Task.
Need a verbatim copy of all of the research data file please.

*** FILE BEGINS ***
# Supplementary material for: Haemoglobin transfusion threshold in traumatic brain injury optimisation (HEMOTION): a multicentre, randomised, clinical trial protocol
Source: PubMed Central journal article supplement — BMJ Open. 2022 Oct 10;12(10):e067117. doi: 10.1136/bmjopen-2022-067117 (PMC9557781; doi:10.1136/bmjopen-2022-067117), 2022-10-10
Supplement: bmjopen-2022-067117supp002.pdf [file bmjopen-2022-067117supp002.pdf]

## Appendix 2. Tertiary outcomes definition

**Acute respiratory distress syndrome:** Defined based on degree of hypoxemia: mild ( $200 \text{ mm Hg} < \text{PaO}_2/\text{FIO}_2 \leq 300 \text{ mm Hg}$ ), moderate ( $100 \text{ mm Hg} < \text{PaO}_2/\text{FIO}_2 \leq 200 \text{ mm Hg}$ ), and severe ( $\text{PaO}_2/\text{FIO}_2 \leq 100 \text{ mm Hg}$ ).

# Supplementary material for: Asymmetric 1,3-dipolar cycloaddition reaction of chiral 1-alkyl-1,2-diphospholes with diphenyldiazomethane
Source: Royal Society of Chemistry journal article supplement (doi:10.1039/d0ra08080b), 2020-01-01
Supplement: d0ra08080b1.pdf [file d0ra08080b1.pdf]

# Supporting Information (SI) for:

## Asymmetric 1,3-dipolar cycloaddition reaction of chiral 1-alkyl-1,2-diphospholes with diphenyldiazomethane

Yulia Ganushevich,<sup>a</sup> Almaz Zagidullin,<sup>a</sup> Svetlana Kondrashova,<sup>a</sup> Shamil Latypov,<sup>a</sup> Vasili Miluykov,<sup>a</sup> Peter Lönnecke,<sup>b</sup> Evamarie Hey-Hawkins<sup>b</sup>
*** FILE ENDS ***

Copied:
# Supplementary material for: Haemoglobin transfusion threshold in traumatic brain injury optimisation (HEMOTION): a multicentre, randomised, clinical trial protocol
Source: PubMed Central journal article supplement — BMJ Open. 2022 Oct 10;12(10):e067117. doi: 10.1136/bmjopen-2022-067117 (PMC9557781; doi:10.1136/bmjopen-2022-067117), 2022-10-10
Supplement: bmjopen-2022-067117supp002.pdf [file bmjopen-2022-067117supp002.pdf]

## Appendix 2. Tertiary outcomes definition

**Acute respiratory distress syndrome:** Defined based on degree of hypoxemia: mild ( $200 \text{ mm Hg} < \text{PaO}_2/\text{FIO}_2 \leq 300 \text{ mm Hg}$ ), moderate ( $100 \text{ mm Hg} < \text{PaO}_2/\text{FIO}_2 \leq 200 \text{ mm Hg}$ ), and severe ( $\text{PaO}_2/\text{FIO}_2 \leq 100 \text{ mm Hg}$ ).

# Supplementary material for: Asymmetric 1,3-dipolar cycloaddition reaction of chiral 1-alkyl-1,2-diphospholes with diphenyldiazomethane
Source: Royal Society of Chemistry journal article supplement (doi:10.1039/d0ra08080b), 2020-01-01
Supplement: d0ra08080b1.pdf [file d0ra08080b1.pdf]

# Supporting Information (SI) for:

## Asymmetric 1,3-dipolar cycloaddition reaction of chiral 1-alkyl-1,2-diphospholes with diphenyldiazomethane

Yulia Ganushevich,<sup>a</sup> Almaz Zagidullin,<sup>a</sup> Svetlana Kondrashova,<sup>a</sup> Shamil Latypov,<sup>a</sup> Vasili Miluykov,<sup>a</sup> Peter Lönnecke,<sup>b</sup> Evamarie Hey-Hawkins<sup>b</sup>